Renal Ramblings


Hello. My name is Amy. I'm a PKD patient. I received a life saving kidney on August 24, 2013. This blog is where I share my experiences and thoughts about the process of renal failure and transplant. I'm also a mom to three amazing little girls. Everybody loves them. They're awesome! They're young so we never talked about the PKD in a scary way, but they are super excited about mommy's new kidney and have welcomed it to the family.

One interesting thing they told me when I got PeeWee (the new kidney) was that because the nerves aren’t there like they would be in the old ones I may not be able to detect a UTI like I would’ve before. Because I’m now permanently immunosuppressed it’ll be easier for a UTI to take hold if the problem presents itself. So now I’m slightly paranoid about getting a UTI. I’ve had one since my surgery but that’s all that I know of. That’s all. Just thought I’d share that tidbit. I’ll keep you posted about if I get one without any symptoms. As I’m sure you’re super curious.

Me and PeeWee

I cannot believe I haven’t been on here in so long.  On August 23, 2013 I got a call from my transplant center that a perfect match had been located for me.  I got my new addition (PeeWee) the following morning. What a blessing!  It was an insane recovery.  I had never had “major” surgery before and so the recovery was like nothing I’d ever experienced.  It was slow and painful but I am enormously blessed to have amazing family and friends.  They came, the cleaned, they fed they babysat.  I could not have asked for more. 

In the days leading up to “the call,” my beautiful fistula, that had been working wonderfully since the previous November, had failed on me.  I went into surgery and had it repaired, but the surgeon told my sister that he expected it would probably fail again and basically that I am not a very good candidate for hemodialysis. Huge blow, right?!?!  Especially when you’re thinking you’re going to be waiting on the transplant list for at least 3 more years and you’re GFR has fallen to 10. 

The day the call came in I had an appointment scheduled with my nephrologist and fully expected him to say it was time to start D. I was feeling really sluggish.  My skin was super itchy and my labs were way off the mark. So the timing couldn’t have been better. Blessings all around. 

The biggest piece of all of this is that I had had a moment a couple weeks prior to the day. I was feeling really down.  And just was really uncertain about my future.  I was sad about not being the mom my 3 little girls needed me to be because I was so tired and cranky all the time.  I talk with God regularly but this day I really talked to him. I dumped all my stuff onto him actually.  I turned it over and said you know what, he’s the one that can fix all of this.  I decided that I needed to have faith that he loves me and wants me to be better.  And voila.  He showed me how putting my faith in him is all I needed to do.  I fully and truly believe that my faith is what got me through it.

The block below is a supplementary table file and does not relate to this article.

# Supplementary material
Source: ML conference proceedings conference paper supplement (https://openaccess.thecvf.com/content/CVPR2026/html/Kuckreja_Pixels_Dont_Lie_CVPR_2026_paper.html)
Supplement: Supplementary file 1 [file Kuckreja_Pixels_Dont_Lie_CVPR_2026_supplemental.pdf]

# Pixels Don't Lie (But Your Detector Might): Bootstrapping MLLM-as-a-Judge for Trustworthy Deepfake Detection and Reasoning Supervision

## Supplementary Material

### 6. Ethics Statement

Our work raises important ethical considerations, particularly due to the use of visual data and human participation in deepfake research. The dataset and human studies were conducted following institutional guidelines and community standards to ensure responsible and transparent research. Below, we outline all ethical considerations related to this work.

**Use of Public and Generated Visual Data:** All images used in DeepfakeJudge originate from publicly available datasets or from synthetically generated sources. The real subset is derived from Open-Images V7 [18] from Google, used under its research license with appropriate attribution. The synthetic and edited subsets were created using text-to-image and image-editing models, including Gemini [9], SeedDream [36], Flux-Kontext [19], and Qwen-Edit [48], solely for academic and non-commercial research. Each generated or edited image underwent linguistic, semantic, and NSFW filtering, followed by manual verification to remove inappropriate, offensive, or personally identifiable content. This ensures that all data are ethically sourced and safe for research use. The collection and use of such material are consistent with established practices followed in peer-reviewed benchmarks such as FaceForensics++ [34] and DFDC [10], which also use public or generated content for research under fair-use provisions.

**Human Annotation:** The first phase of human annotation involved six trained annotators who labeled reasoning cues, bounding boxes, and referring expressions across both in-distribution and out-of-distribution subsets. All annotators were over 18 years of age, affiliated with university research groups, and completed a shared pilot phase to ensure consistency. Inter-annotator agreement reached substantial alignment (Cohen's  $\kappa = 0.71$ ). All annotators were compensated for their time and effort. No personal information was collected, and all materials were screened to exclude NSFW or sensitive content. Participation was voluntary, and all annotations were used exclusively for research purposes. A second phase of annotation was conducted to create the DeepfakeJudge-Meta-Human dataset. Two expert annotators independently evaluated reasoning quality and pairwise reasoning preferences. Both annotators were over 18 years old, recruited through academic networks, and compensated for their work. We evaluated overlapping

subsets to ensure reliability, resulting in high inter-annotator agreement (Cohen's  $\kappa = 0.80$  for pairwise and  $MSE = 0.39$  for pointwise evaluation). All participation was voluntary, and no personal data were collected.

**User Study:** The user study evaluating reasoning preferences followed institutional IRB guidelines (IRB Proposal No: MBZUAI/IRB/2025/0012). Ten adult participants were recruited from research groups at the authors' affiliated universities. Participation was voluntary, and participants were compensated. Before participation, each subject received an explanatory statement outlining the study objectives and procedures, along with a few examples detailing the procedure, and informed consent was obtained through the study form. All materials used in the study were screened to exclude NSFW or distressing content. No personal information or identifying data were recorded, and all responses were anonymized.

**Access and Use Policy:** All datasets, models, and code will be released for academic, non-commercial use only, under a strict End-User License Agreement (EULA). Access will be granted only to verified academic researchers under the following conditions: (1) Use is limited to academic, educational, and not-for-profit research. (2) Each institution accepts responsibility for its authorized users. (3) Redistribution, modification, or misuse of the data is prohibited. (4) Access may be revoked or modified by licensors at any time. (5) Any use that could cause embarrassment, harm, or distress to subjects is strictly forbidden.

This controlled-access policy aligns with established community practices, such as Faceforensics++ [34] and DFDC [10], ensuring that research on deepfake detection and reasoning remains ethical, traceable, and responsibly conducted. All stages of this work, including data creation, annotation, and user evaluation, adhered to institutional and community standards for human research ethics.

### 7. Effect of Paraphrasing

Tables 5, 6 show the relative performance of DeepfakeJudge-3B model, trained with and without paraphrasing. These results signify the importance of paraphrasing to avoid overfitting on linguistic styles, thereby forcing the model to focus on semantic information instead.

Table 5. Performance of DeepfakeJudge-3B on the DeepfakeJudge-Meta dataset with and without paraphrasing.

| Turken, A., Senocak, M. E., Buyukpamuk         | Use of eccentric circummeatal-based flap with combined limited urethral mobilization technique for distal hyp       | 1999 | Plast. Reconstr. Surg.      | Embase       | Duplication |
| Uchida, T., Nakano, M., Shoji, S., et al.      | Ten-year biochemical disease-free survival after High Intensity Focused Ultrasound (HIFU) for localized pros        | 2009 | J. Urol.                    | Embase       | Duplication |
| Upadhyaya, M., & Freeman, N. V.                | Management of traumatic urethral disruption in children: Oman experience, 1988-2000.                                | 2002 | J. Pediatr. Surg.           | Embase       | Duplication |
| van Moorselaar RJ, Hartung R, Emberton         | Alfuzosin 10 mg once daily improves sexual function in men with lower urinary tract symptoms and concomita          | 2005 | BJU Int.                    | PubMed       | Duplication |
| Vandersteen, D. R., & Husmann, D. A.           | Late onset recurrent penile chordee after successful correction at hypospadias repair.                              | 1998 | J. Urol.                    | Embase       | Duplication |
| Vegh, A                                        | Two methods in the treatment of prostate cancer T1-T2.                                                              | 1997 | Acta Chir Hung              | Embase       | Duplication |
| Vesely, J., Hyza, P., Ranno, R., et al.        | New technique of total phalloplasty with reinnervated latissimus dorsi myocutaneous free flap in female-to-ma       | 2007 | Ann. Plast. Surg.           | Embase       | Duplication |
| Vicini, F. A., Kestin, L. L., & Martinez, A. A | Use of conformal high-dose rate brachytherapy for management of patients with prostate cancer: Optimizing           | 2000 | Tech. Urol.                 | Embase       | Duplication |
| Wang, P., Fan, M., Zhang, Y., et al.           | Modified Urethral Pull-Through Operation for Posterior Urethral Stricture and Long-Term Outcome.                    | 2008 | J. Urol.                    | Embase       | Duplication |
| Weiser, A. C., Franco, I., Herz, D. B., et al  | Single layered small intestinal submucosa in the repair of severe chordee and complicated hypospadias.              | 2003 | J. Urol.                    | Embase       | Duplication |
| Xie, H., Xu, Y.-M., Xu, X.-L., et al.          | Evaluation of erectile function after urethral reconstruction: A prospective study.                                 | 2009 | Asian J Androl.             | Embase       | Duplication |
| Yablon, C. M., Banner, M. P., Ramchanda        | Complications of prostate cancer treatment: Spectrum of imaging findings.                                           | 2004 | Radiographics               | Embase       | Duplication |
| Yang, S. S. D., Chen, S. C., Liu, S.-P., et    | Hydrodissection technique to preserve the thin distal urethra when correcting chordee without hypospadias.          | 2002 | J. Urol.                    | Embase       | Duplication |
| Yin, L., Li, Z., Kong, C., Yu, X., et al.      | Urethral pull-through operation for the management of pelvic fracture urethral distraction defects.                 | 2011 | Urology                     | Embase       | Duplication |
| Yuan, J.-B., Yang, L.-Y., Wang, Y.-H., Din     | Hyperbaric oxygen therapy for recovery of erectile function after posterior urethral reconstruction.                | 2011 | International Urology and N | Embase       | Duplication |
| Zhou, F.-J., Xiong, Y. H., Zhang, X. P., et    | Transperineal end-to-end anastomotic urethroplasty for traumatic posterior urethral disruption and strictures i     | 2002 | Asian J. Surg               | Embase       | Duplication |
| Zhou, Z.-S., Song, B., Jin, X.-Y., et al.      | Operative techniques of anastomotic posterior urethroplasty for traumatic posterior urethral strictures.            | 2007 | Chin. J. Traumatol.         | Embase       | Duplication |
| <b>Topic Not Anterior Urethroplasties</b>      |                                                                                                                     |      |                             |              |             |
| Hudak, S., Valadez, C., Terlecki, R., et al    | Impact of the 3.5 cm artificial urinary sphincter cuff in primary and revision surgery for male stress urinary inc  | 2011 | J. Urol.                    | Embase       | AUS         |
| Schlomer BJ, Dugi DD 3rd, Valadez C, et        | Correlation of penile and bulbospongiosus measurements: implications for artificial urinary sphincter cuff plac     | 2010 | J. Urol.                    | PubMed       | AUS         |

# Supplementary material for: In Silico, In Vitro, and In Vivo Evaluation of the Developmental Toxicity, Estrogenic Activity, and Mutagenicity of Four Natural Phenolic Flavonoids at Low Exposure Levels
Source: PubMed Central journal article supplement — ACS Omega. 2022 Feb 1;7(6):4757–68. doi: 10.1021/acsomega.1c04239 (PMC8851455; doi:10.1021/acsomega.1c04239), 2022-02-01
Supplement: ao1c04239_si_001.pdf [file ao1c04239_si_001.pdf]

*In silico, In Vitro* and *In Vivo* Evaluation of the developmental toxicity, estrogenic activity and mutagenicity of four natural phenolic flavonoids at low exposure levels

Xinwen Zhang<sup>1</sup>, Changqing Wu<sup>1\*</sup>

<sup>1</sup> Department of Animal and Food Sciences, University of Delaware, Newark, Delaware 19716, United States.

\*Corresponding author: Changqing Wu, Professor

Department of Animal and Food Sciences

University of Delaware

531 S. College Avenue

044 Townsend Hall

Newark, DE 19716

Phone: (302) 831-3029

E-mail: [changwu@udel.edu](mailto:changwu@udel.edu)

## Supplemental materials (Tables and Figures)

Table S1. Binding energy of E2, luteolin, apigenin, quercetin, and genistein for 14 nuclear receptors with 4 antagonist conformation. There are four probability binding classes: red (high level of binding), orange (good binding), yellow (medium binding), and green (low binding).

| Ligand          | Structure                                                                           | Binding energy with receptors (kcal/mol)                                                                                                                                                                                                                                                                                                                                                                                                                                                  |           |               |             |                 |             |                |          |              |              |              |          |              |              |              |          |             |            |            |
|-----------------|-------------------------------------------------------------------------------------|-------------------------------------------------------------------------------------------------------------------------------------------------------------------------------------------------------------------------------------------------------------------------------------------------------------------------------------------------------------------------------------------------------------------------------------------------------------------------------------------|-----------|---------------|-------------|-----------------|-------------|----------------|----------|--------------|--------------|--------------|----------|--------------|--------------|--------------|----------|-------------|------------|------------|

Being on the other side of it now is weird. Yes, I have a bunch of meds to take every day but overall I feel like a normal person again.  Just like people before me have said, you don’t realize how sick you were until you’re healthy again.  I did feel not right but didn’t realize how not right.  I’m so happy to have energy again and my head is so much clearer.  I’ve even made it through my first post-transplant cold.  And it wasn’t too bad.  I’m very blessed and I thank God for it. 

For those of you still facing this, please don’t give up hope. You can get your miracle too. 

Distraction Please

It’s been a while since I’ve been on here. Been busy busy busy. Good news is my fistula continues to work. I’ve really bonded with it.  I check on it every day and would be so sad if it weren’t buzzing along.  Otherwise I’ve been really busy with the kids and work.  I changed positions at work in January and am loving the job but it’s a lot of hours and a lot of responsibility.  I just haven’t had time to focus much on the whole threat of death that is this disease. I was getting pretty bogged down in it there for a minute, even hovering around martyrdom.  Now, sometimes I have to remind myself that I’m not the healthiest person around and that taking it easy is really a necessity.  Okay, so I’m selective in the moments when I use that as an excuse, but there have to be some benefits to having a fatal illness, I mean c’mon. 

I’m still feeling pretty well although when I look in the mirror the dark circles under my eyes in contrast to the glow-in-the-dark paleness I’ve been displaying for years seems to make me look a little bit dead.  But that’s okay. There’s makeup.  My GFR is currently 13 something.  So at this point my nephrologist is just waiting for me to get sick.  I read that they won’t force you to go on dialysis until you get to a 6.  Hopefully I can last that long.  I wish there were better stories online from people who chronicled their last couple months before dialysis.  It’s easy to get paranoid.  Sometimes I wake up and feel like a big puffer fish and think that it must be water retention and I will probably need to start dialysis that afternoon.  But then I pee a whole bunch and think, nah guess not.  

I suppose I will chronicle myself and hopefully it will help someone else out.  So without further ado, here are my current health stats: 

Not on Dialysis

37 years old

GFR: 13-something

Symptoms:

Morning swelling of hands 

Protein aversion

Nighttime itchiness (mild)

Fatigue (probably 3 kids and full-time job related)

Absent mindedness